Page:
On May 19th, Acting Comptroller of the Currency John Walsh spoke before the Housing Policy Council of the Financial Services Roundtable. His remarks centered on challenges that continue to persist in the housing market, and the onslaught of new laws that may have the unintended consequence of delaying a full recovery further.
During Mr. Walsh’s remarks, he made the following comment: “Another factor that may be restraining activity in housing markets is the generally tighter outlook for residential mortgage credit. No one would want a return to the excesses that we saw prior to the financial crisis, but mortgage underwriting is tight right now, in part because of the huge degree of uncertainty around the direction of housing markets, the path of foreclosures, and the future of securitization, among other things."
Concerning recent regulatory proposals designed to curtail past abusive practices, he went on to say: “There are 15 to 20 new mortgage lending requirements in the regulatory pipeline, and their impact on the mortgage and servicing businesses will be more tsunami than simple wave…”.
No one argues against stopping the abusive mortgage practices of the past. In fact, all respectable bankers insist upon it. However, both legislators and policymakers need to exercise caution, so that the solution to these problems does not result in unintended consequences that negatively affect consumers.
Mr. Walsh commented further: “The real concern is the housing market and the millions of American homeowners who rely on it to acquire and trade their single biggest asset, their home; the millions more who aspire to home ownership; and the nation’s economic health, which is so dependent upon the strength of the housing industry... “.
And more: “Every law and every regulation, no matter how well defined, carries the potential for unintended consequences. How can we evaluate each rule, see how it works, and decide if adjustments are needed? How can we judge the individual, cumulative, and interactive impact of so many major new requirements affecting every aspect of the business?”.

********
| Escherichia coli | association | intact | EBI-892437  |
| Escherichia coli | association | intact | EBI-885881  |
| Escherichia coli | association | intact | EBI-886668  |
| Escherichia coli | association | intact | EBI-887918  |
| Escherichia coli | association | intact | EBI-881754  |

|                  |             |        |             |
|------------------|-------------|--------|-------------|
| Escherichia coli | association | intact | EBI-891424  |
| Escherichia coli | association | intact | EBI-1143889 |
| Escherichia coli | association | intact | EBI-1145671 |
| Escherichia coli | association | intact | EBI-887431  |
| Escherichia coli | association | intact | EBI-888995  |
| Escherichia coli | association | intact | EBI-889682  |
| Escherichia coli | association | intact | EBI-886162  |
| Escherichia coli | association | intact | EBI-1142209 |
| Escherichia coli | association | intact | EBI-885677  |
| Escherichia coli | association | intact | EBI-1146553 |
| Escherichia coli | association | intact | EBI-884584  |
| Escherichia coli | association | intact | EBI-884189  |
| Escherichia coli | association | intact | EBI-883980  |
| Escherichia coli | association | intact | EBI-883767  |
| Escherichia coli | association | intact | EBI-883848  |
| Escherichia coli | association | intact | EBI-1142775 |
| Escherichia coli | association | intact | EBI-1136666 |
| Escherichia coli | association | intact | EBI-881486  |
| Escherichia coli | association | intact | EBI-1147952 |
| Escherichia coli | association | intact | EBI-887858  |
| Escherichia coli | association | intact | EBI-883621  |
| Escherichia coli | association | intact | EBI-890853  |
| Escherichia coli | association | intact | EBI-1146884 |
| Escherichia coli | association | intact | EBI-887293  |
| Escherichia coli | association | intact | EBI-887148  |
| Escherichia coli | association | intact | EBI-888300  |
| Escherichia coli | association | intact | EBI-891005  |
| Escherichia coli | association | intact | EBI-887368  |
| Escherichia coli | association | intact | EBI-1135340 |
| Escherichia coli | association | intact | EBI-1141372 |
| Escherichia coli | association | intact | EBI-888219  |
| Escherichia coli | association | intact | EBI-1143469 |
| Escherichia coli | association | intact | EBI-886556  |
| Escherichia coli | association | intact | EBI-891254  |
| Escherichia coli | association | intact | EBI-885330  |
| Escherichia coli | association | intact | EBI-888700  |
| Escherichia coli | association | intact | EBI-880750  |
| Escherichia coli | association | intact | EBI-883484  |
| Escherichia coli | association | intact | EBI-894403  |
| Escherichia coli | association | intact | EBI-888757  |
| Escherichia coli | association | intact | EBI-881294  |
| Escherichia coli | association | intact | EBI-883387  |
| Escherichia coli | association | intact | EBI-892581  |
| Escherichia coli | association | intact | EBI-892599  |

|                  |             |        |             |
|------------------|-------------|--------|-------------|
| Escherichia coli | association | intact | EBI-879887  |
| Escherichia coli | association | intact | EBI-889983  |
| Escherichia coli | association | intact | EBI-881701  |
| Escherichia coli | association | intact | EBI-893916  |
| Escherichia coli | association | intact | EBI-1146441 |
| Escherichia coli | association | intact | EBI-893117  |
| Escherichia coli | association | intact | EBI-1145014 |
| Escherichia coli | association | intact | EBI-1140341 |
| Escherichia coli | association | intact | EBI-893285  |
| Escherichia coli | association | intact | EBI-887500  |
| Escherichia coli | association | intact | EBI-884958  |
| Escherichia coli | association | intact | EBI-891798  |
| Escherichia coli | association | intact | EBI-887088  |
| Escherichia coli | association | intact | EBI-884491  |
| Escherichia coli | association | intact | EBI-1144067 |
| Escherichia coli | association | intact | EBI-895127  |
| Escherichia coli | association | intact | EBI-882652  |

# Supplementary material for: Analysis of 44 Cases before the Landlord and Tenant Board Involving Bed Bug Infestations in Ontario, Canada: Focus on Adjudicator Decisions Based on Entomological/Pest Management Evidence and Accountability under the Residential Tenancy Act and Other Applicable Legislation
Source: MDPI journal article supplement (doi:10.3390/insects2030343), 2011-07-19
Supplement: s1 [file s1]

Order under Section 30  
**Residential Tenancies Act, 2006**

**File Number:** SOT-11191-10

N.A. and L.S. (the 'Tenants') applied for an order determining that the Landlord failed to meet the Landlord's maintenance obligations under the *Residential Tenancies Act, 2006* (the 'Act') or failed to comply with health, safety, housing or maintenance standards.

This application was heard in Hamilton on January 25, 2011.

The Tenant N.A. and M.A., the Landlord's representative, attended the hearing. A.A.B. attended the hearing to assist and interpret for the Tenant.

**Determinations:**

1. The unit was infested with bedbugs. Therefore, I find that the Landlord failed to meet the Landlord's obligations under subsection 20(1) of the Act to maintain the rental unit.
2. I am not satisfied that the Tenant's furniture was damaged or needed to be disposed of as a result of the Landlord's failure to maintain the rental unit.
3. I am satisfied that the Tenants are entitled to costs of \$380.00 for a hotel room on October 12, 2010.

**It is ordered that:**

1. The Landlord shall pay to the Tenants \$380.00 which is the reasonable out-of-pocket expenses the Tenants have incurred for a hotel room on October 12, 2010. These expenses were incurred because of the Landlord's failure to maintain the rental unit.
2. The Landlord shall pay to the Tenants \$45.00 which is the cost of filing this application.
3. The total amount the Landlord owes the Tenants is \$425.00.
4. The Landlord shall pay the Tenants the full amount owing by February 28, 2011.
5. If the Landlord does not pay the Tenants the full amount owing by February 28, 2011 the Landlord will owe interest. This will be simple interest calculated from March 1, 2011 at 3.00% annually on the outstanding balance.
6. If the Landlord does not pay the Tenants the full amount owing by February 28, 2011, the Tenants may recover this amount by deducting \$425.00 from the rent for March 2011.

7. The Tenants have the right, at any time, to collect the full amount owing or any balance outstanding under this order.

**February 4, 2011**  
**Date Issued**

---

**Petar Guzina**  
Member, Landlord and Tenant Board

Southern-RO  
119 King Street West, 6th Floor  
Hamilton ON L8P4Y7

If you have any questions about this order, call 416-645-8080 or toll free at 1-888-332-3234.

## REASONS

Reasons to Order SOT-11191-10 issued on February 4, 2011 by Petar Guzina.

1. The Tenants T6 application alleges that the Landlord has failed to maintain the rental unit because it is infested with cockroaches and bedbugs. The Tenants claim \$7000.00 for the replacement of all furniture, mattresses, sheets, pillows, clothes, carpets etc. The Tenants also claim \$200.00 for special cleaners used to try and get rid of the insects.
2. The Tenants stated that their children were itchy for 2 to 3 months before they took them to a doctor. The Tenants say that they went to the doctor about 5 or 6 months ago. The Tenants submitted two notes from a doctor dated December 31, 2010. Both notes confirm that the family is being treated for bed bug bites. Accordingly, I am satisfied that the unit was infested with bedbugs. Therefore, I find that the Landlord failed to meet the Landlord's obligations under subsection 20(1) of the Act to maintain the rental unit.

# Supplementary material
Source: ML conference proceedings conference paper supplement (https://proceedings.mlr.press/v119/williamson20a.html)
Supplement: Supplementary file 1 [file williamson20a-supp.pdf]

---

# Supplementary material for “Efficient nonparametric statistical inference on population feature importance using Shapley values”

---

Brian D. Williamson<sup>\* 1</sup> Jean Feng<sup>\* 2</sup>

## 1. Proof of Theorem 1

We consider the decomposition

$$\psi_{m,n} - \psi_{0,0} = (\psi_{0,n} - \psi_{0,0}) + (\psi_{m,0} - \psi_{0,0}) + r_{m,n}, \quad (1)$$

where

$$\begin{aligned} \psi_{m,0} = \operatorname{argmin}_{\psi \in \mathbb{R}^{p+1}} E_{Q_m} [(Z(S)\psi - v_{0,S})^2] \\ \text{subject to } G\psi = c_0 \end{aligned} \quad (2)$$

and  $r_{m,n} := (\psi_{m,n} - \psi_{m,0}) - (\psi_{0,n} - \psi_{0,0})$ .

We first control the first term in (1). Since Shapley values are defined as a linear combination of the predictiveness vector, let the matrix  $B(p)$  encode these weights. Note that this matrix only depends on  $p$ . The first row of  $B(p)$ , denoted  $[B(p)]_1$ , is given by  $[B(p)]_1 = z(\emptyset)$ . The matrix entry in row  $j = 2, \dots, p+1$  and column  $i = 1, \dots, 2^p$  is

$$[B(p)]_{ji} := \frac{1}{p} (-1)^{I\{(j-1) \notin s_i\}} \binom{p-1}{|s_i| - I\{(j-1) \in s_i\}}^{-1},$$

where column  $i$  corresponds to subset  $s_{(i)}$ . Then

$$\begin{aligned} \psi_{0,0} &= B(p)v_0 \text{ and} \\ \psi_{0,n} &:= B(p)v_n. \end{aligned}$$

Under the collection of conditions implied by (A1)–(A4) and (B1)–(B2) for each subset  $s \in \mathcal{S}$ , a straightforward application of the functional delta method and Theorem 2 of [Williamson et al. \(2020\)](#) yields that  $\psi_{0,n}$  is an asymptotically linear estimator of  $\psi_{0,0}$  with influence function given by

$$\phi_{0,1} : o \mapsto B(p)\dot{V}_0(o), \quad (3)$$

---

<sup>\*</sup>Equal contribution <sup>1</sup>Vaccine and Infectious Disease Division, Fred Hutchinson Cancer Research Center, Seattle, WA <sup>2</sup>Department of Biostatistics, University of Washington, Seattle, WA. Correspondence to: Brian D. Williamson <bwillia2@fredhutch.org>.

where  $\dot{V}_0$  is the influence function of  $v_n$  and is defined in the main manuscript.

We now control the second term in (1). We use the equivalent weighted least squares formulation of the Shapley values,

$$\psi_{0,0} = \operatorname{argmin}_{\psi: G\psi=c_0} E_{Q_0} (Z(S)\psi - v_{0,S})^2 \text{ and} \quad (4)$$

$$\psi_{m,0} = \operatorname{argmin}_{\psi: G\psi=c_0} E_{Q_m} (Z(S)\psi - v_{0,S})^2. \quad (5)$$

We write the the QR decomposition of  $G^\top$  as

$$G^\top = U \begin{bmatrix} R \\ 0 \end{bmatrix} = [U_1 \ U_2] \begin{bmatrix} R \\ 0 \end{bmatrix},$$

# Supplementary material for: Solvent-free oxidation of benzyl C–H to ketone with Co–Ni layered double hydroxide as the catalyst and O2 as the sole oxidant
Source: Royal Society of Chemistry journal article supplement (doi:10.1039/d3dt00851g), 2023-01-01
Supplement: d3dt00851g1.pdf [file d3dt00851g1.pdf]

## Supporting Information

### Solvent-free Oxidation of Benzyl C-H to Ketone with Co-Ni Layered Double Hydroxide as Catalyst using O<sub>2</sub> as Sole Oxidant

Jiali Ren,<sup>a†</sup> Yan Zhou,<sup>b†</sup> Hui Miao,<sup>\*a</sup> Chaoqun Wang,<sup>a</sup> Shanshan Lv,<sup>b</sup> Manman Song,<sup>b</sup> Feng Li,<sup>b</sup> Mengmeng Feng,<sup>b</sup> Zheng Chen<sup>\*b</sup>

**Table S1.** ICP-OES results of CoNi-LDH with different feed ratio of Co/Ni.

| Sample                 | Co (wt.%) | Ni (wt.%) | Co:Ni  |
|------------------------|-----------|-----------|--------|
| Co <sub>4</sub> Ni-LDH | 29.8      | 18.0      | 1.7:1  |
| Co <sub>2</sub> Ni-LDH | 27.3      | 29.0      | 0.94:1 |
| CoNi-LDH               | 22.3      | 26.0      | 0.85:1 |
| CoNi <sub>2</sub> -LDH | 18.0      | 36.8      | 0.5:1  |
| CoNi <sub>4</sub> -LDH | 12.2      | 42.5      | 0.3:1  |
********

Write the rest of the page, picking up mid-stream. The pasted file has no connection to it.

Mr. Walsh sums up his remarks with the following: “Corporate America can’t grow and develop and compete with the rest of the world without a financial system that allows lenders to take on reasonable and manageable risks. Local communities won’t thrive without local banks that are willing to take some reasonable risk in the extension of credit and have the wherewithal to manage that risk. Families cannot buy homes and build wealth to improve their lives without lenders willing to take a chance on them. We need to make sure the pendulum doesn’t swing so far that in the process of reducing risk, we extinguish the impulse to take appropriate risks, stifle the economy, and hurt ordinary people. We need to find a middle ground that manages risk in the system without sacrificing the energy and vitality that has brought so much prosperity to so many...”.
As I’ve said in past comments, the primary source of revenues for the vast majority of traditional banks is the interest earned from loans we make to our local customers. We have money to lend, and at Monroe Bank & Trust, we actively seek customers and potential borrowers who demonstrate the ability to repay the loans they seek to expand their business, purchase a new car, or buy a home.
Congress and the regulators who enforce the laws that Congress makes need to insure that banks continue to have the ability to serve our customers, and that the new rules as explained by Comptroller of the Currency Walsh does not “restrain activity in the housing markets”, or inhibit lending in general.
In Class Week of April 14, 2014
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